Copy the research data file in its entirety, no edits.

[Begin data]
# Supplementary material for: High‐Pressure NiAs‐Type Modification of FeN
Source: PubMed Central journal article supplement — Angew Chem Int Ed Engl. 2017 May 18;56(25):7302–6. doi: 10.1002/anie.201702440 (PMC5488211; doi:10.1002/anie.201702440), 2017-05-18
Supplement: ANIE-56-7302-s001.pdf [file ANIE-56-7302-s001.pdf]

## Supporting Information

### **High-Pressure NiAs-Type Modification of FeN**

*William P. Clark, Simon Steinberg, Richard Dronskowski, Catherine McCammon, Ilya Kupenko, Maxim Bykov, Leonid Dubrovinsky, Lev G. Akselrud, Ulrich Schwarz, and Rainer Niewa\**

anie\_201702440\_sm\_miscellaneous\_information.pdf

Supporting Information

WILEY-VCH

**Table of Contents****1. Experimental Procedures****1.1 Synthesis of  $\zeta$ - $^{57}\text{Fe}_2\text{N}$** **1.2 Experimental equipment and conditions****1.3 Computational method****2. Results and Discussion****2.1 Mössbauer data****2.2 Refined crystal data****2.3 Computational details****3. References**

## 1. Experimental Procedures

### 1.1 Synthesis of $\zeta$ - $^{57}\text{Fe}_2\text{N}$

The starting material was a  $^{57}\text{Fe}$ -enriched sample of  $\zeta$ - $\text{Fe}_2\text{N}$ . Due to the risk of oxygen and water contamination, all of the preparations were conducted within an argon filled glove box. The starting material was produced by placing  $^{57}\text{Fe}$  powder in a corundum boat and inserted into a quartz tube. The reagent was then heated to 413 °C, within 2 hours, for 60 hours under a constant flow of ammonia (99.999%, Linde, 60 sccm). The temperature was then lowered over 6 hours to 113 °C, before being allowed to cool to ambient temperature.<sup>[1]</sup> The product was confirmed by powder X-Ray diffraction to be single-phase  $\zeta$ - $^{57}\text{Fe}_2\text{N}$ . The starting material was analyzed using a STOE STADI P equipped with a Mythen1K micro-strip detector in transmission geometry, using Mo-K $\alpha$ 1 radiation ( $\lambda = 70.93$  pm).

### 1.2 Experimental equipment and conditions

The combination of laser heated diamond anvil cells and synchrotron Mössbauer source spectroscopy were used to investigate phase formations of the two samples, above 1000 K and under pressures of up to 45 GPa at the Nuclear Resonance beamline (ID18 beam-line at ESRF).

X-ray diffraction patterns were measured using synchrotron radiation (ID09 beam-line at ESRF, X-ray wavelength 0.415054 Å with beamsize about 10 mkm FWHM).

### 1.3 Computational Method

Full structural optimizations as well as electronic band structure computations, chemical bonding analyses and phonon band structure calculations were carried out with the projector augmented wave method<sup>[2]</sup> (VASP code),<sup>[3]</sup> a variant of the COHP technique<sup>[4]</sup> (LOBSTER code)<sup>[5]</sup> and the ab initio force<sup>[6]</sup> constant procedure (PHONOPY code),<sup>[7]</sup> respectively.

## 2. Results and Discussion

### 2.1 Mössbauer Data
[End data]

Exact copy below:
# Supplementary material for: High‐Pressure NiAs‐Type Modification of FeN
Source: PubMed Central journal article supplement — Angew Chem Int Ed Engl. 2017 May 18;56(25):7302–6. doi: 10.1002/anie.201702440 (PMC5488211; doi:10.1002/anie.201702440), 2017-05-18
Supplement: ANIE-56-7302-s001.pdf [file ANIE-56-7302-s001.pdf]

## Supporting Information

### **High-Pressure NiAs-Type Modification of FeN**

*William P. Clark, Simon Steinberg, Richard Dronskowski, Catherine McCammon, Ilya Kupenko, Maxim Bykov, Leonid Dubrovinsky, Lev G. Akselrud, Ulrich Schwarz, and Rainer Niewa\**

anie\_201702440\_sm\_miscellaneous\_information.pdf

Supporting Information

WILEY-VCH

**Table of Contents****1. Experimental Procedures****1.1 Synthesis of  $\zeta$ - $^{57}\text{Fe}_2\text{N}$** **1.2 Experimental equipment and conditions****1.3 Computational method****2. Results and Discussion****2.1 Mössbauer data****2.2 Refined crystal data****2.3 Computational details****3. References**

## 1. Experimental Procedures

### 1.1 Synthesis of $\zeta$ - $^{57}\text{Fe}_2\text{N}$

The starting material was a  $^{57}\text{Fe}$ -enriched sample of  $\zeta$ - $\text{Fe}_2\text{N}$ . Due to the risk of oxygen and water contamination, all of the preparations were conducted within an argon filled glove box. The starting material was produced by placing  $^{57}\text{Fe}$  powder in a corundum boat and inserted into a quartz tube. The reagent was then heated to 413 °C, within 2 hours, for 60 hours under a constant flow of ammonia (99.999%, Linde, 60 sccm). The temperature was then lowered over 6 hours to 113 °C, before being allowed to cool to ambient temperature.<sup>[1]</sup> The product was confirmed by powder X-Ray diffraction to be single-phase  $\zeta$ - $^{57}\text{Fe}_2\text{N}$ . The starting material was analyzed using a STOE STADI P equipped with a Mythen1K micro-strip detector in transmission geometry, using Mo-K $\alpha$ 1 radiation ( $\lambda = 70.93$  pm).

### 1.2 Experimental equipment and conditions

The combination of laser heated diamond anvil cells and synchrotron Mössbauer source spectroscopy were used to investigate phase formations of the two samples, above 1000 K and under pressures of up to 45 GPa at the Nuclear Resonance beamline (ID18 beam-line at ESRF).

X-ray diffraction patterns were measured using synchrotron radiation (ID09 beam-line at ESRF, X-ray wavelength 0.415054 Å with beamsize about 10 mkm FWHM).

### 1.3 Computational Method

Full structural optimizations as well as electronic band structure computations, chemical bonding analyses and phonon band structure calculations were carried out with the projector augmented wave method<sup>[2]</sup> (VASP code),<sup>[3]</sup> a variant of the COHP technique<sup>[4]</sup> (LOBSTER code)<sup>[5]</sup> and the ab initio force<sup>[6]</sup> constant procedure (PHONOPY code),<sup>[7]</sup> respectively.

## 2. Results and Discussion

### 2.1 Mössbauer Data